So why are we more willing to mess up decisions about hiring, renting, lending, or insuring, relative to dating? Because we see those deciders as dominating, because they choose to accept or reject us, and we see big firms as evil. Why don’t we similarly restrict the info firms can use to try to sell us stuff? Because we see ourselves as doing more of the choosing there, making us the dominant party.

Added 11p: Imagine that you were required by law to score all job offers on objective verifiable criteria, such as salary and location, and had to take the job that scored highest. How close would that be to slavery?

Those promised FTC report quotes: Continue reading "Fair Date Reporting Act" »

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Sleep Is Far

Dark is far, far is more creative, and night owls tend more far (and creative) than morning larks. Fitting with this, and the confused but wide ranging nature of the sleeping mind, it seems to me the mind is likely in a more far state while asleep. If so, sleep should be more creative, which it is:

Both scientists and artists have suggested that sleep facilitates creativity, and this idea has received substantial empirical support. … In the evening prior to sleep, all participants were presented with a problem that required a creative solution. In the two-odor conditions, a hidden scent diffuser spread an odor while the problem was presented. In the sleep-with-conditioned-odor condition, task reactivation during sleep was induced by means of the odor that was also presented while participants were informed about the problem. In the sleep-with-control-odor condition, participants were exposed to a different odor. … After a night of sleep with the conditioned odor, participants were found to be (i) more creative and (ii) better able to select their most creative idea [on the presented problem]. (more; HT Barker)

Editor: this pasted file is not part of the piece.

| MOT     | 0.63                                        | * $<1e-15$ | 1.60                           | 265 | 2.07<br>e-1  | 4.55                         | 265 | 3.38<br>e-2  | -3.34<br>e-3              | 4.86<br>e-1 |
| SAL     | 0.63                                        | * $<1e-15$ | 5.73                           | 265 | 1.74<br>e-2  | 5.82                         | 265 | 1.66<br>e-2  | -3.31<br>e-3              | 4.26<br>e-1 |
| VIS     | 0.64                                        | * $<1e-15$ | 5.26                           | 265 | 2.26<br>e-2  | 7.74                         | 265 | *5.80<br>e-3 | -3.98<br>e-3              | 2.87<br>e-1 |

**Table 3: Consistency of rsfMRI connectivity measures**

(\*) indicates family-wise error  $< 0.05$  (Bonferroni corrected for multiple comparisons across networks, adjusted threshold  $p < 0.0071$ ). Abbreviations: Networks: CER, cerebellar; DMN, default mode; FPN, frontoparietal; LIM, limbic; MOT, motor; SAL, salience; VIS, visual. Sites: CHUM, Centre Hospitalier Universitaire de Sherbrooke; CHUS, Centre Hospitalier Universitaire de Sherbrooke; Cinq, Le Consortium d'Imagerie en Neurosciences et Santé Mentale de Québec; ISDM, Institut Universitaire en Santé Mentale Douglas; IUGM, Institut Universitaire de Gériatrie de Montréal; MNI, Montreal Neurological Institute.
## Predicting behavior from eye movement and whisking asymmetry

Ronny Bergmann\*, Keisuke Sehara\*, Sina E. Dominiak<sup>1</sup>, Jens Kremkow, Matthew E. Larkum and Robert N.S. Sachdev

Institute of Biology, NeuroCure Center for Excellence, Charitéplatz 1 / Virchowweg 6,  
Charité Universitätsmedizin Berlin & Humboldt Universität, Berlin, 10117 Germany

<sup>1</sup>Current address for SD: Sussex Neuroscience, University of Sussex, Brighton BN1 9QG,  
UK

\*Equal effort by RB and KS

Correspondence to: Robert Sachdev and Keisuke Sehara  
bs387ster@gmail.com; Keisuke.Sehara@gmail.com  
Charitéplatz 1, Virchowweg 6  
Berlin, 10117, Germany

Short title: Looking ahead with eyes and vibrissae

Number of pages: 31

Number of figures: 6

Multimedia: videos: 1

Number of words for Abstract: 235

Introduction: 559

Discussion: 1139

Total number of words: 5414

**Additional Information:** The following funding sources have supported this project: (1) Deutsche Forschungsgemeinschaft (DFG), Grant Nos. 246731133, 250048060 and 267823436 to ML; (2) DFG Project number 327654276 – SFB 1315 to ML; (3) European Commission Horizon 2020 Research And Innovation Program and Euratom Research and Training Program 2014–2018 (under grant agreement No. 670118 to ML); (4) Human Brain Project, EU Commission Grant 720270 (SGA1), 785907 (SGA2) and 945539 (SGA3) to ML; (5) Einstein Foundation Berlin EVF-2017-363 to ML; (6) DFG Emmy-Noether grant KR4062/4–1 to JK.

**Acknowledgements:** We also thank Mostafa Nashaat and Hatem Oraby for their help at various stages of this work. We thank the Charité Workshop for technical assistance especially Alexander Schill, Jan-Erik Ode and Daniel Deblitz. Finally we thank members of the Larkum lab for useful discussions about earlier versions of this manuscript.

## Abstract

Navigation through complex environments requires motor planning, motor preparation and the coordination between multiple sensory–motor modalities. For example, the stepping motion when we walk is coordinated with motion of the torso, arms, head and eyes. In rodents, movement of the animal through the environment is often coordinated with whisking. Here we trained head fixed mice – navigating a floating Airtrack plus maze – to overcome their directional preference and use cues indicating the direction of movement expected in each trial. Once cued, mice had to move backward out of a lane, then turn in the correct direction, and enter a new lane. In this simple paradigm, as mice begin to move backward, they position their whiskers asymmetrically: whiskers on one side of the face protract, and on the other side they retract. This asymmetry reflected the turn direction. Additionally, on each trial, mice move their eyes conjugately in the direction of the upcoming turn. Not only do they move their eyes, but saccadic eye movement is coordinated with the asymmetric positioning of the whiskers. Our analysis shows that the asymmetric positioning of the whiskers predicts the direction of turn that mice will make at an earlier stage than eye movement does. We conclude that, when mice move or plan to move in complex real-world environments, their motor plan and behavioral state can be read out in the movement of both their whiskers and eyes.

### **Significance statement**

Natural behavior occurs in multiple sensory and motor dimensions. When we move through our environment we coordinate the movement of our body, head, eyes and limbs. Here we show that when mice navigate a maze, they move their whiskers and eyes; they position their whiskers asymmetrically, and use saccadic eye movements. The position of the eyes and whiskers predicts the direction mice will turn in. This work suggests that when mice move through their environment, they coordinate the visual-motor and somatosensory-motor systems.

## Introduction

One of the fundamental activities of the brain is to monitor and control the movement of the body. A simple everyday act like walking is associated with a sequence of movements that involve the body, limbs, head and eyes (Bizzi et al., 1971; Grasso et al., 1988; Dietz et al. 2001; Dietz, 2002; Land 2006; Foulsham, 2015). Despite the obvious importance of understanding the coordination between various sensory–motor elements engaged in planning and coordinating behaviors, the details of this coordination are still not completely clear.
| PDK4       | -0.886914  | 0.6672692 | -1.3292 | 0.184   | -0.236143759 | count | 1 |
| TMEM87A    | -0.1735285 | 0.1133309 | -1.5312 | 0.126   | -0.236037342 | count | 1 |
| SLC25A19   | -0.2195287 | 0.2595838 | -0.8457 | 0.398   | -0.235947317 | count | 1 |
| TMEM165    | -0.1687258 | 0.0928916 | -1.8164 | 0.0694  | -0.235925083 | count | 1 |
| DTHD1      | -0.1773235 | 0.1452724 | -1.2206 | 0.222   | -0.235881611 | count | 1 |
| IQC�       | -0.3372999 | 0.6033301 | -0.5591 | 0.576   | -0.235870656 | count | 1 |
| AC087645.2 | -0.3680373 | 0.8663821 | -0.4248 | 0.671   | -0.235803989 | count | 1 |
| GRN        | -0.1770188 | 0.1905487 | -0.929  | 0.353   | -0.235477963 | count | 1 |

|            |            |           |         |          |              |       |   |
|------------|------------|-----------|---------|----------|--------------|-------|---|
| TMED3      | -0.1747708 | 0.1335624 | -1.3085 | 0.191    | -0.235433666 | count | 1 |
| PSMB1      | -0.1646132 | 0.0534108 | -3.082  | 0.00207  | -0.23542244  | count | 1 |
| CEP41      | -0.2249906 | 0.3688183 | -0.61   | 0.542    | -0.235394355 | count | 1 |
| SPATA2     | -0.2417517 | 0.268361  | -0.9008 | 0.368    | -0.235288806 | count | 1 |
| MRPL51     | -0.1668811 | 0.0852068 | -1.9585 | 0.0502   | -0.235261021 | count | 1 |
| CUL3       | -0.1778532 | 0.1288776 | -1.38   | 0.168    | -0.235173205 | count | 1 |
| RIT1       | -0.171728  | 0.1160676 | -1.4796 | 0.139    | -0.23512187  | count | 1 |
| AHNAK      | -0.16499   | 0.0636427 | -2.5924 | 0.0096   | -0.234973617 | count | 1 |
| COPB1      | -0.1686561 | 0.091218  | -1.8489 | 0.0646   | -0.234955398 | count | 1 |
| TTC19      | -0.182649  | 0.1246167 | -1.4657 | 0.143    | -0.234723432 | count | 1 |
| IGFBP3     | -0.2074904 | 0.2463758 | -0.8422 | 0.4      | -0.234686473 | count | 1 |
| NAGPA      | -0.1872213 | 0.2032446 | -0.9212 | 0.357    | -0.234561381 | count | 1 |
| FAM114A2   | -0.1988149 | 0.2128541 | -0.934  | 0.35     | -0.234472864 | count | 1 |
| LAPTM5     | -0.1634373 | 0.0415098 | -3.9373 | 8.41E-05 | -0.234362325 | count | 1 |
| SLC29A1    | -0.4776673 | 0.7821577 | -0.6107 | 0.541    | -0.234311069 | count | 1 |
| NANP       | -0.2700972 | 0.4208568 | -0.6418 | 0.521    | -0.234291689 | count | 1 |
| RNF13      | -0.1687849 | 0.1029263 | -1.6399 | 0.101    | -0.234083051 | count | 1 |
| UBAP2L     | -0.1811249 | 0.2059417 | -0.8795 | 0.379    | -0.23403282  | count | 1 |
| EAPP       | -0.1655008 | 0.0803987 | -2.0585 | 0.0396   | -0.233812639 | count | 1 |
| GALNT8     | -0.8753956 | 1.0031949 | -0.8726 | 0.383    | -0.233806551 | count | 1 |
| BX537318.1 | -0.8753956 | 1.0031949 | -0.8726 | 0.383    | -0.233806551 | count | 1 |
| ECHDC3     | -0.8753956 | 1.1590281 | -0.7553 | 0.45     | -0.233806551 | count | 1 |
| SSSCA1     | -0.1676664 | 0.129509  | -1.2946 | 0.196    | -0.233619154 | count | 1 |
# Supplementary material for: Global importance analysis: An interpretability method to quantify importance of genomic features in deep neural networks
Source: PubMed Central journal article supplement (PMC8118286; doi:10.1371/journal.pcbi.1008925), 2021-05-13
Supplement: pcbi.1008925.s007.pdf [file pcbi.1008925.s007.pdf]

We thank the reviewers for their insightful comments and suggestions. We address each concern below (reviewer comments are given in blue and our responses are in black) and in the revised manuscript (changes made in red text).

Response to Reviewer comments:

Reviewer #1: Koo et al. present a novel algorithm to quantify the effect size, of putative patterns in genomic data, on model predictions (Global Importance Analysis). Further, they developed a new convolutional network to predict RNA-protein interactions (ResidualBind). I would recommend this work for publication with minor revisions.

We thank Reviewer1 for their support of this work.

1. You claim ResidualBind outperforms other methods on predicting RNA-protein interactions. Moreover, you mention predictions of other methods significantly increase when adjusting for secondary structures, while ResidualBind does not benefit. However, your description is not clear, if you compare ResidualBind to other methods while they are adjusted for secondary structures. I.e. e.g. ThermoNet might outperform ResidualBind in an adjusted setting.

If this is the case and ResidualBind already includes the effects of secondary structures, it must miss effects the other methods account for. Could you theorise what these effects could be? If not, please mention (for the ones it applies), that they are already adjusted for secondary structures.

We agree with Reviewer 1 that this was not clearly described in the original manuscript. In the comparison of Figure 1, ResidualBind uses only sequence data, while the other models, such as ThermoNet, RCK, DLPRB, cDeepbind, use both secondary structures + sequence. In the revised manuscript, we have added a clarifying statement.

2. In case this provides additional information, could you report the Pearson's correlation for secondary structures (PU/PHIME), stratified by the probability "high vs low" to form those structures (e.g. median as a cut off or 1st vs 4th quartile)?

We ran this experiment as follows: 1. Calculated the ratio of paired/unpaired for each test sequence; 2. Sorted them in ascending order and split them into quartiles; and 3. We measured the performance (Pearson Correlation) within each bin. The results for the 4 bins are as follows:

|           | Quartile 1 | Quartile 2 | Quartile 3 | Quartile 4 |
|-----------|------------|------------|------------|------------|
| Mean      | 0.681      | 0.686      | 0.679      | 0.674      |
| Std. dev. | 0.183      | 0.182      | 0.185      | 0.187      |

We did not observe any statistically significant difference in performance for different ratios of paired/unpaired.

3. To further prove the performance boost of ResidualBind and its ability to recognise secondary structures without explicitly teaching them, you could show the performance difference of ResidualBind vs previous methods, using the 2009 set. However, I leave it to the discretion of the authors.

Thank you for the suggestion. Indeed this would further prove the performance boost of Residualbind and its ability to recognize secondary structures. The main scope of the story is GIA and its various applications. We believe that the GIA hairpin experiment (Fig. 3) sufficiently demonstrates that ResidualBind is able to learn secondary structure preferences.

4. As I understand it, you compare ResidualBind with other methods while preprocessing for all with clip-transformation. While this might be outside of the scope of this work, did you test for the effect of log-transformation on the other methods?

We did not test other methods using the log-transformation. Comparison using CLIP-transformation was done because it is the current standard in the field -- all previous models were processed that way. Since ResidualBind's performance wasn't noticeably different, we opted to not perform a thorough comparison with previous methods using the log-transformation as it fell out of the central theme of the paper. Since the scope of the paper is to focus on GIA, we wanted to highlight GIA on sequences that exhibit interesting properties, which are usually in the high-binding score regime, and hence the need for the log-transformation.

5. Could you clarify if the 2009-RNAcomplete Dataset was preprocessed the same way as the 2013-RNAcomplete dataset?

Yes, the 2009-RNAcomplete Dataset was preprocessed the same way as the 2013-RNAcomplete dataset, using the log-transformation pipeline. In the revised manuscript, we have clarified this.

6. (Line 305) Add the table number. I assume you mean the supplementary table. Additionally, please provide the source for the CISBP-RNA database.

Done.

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Jiro Lives Worth Living

Jiro Dreams of Sushi is a well-reviewed documentary mostly celebrating the world’s best sushi chef. Which is worth pondering, because Jiro is an extreme workaholic. Roger Ebert:

Jiro Ono is 85 years old. As a young boy, he ran away from home to become an apprentice in a restaurant and has been making sushi for more than 70 years. He is apparently not happy doing anything else and prefers to work all day, seven days a week, every day in the year. … You realize he must be a rich man. But to what end? … While watching it, I found myself drawn into the mystery of this man. Are there any unrealized wishes in his life? Secret diversions? Regrets? If you find an occupation you love and spend your entire life working at it, is that enough? (more)

Jiro’s life is also quite routine – he repeats the same actions over and over and over, always seeking slight adjustments to improve quality.

I haven’t seen anyone says this movie describes a terrible tragedy of a wasted worthless life. Most seem to accept Jiro’s life as worth living, and many consider his an exemplary life. Yet let’s imagine some variations on Jiro’s life, and ask if they are also worth living.

First, imagine that Jiro is not rich. He is still the very best, but he gives his sushi away. He has enough to eat, stays warm, and is healthy, but has few luxuries. But since he spends most of his time at the office, it probably doesn’t make that much difference to his quality of life if he is rich or poor.

Second, imagine someone with Jiro’s unsurpassed skill, overwhelming dedication, and fascination with their work, except that this person makes plywood, not sushi. Would that also be a life worth living? It would be a lower status life, as our culture lauds sushi chefs more than plywood makers. But he would still be the very best plywood maker in the world. Isn’t that enough?

Third, imagine holding constant this person’s skill, while increasing other workers’ skills, so that this person is now only of median quality. His subjective experience of working on the job would be similar, except he couldn’t feel superior to everyone else. Would his life be worth living then? That is, can status by itself make the difference between a life worth living and one not? If when he isn’t noticing his status, he has the same feeling of flow, immersion, and fascination in his work, wouldn’t that be enough for a life worth living?

Some of you probably see where I am going with this. Imagine we take the few hundred very best most dedicated workaholic humans, and fill a world with trillions of em copies of them, so that they are mostly working at near subsistence wages, yet have enough food, warmth, health, etc. Is this a world full of creatures with lives worth living?